The main difference between piles and spread footing is that the piles are a deep foundation while the spread footing are a shallow foundation. A spread footing works by spreading the weight of the building on a large area to support it. Therefore, the soil need to have the proper bearing capacity otherwise your foundation will sink or crack. Hence why if you have any doubt on your soil bearing capacity and you are going with a spread footing, you need to have it tested. You also need to make sure your footing is under the frost line which means some excavation is usually required.

        A pile works differently. Instead of spreading the weight of the building over a bigger area, it works by transfering it deeper to a soil with a better bearing capacity. What is really nice about helical piles compare to concrete piles is that you can guarantee the soil bearing capacity just by monitoring the torque applied to the screw piles. When the torque reaches the desired value, you know you have the bearing capacity you need and that the pile will be able to support your house. No need to test anything and that's why I really like this technology. It's more expensive than a concrete footing (3 to 4 thousand more from the quotes I got) but if you compare it to the footings and the soil test, I think the cost difference is pretty small. Plus, installing screw piles takes only one day while with a concrete footing, you have to wait for it to cure. It's up to you to decide if the peace of mind is worth it.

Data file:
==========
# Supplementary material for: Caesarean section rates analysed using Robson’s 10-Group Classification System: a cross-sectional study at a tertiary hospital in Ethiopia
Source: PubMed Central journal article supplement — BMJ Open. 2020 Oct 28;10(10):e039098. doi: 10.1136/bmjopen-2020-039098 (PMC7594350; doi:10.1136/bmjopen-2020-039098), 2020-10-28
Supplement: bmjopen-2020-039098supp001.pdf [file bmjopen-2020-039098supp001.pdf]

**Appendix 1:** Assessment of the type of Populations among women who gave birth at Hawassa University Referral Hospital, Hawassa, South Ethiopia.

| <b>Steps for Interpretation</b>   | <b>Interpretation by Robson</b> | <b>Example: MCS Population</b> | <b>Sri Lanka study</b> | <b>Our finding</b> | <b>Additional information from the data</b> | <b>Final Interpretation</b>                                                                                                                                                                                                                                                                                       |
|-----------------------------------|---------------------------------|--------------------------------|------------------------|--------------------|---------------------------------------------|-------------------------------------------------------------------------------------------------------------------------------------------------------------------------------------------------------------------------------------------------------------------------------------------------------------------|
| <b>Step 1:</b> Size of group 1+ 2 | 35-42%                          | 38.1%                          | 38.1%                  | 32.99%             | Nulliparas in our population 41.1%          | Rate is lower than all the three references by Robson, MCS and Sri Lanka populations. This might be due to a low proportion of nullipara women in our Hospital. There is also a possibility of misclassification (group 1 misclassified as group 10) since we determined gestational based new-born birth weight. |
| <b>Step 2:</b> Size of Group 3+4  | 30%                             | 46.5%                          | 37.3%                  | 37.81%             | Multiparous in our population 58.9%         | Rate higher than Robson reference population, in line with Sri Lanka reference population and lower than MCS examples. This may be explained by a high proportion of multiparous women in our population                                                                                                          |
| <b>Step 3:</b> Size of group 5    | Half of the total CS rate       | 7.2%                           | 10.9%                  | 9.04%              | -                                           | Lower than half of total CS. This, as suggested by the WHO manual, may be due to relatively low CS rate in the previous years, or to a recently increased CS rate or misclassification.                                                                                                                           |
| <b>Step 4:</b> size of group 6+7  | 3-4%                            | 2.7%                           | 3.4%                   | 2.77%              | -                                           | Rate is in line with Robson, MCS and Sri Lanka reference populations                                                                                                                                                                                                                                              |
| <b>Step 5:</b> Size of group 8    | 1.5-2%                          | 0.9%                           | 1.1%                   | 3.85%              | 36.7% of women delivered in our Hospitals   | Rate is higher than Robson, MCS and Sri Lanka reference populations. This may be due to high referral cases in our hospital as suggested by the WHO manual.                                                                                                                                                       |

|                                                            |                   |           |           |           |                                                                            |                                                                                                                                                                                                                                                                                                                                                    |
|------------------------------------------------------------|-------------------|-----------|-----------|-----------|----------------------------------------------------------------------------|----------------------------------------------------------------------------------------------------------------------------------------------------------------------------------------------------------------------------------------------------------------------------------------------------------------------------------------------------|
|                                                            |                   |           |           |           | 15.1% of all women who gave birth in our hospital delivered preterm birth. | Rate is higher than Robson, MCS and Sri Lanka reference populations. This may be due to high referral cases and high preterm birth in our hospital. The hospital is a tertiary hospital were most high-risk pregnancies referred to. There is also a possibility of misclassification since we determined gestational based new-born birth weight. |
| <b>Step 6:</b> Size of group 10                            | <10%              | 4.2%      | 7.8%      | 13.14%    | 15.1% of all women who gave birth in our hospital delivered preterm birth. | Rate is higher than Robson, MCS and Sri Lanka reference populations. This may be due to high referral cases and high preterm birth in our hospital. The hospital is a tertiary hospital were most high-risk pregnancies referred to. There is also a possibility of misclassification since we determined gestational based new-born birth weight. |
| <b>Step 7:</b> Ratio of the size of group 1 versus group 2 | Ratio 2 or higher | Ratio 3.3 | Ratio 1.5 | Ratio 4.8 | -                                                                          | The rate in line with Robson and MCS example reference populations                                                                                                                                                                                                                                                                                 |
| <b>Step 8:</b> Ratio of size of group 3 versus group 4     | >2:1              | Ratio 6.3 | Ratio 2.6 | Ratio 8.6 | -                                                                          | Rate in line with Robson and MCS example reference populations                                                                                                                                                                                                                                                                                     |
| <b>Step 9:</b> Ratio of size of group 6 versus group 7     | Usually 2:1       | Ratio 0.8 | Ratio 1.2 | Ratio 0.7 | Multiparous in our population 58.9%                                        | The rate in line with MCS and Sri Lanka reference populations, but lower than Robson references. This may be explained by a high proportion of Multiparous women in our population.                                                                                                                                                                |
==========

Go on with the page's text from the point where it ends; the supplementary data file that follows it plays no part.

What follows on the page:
Once you decide what support the weights of your house then you can choose the subfloor you want. Personally, I prefer building a wood subfloor on top of a conditioned crawlspace because it makes repair so much easier and I don't like concrete floors. They are hard on knees. And if you are afraid of flooding, it's better to have your house a little bit up in the air so it doesn't get damaged by raising water. The benefits of a concrete slab though is that you don't need stairs to access your house, it's cheaper and you can use it directly as your floor if you want. But upgrading and repairing your plumbing can be more difficult.

        You should check Matt Risinger and Jordan Smith on youtube. They made videos on piles and slab and are both based in Texas.
        Hope this help.

  2. Expert Member
    MALCOLM TAYLOR | | #2

    Doug,

    If there are no technical limitations that force you to choose one over the other, use the architecture as a guide to which one is more appropriate. What relationship do you want between the house and the site? Do you want it to be seamless, where you can walk out onto patios or gardens without stairs? Would you prefer the the house was set up a bit yielding better views with raised decks?

    It's sometimes easy to get into a mindset where you let technical considerations dictate the form of your house, but try and remember that your primary goal is to create a place you enjoy living in that both supports your lifestyle and delights you. Whenever possible those considerations are what should drive the form. If you look through Architectural Periodicals or Home Magazines, there aren't many photos of houses where the architect let building assembly choices dictate designs. If you have choices that don't involve compromises, use the one the makes the house better to live in.

  3. Romn322 | | #5

    I think you have me figured out. This is what I really needed to hear. I tend to get lost in the technical perfection & lose sight of the aesthetic.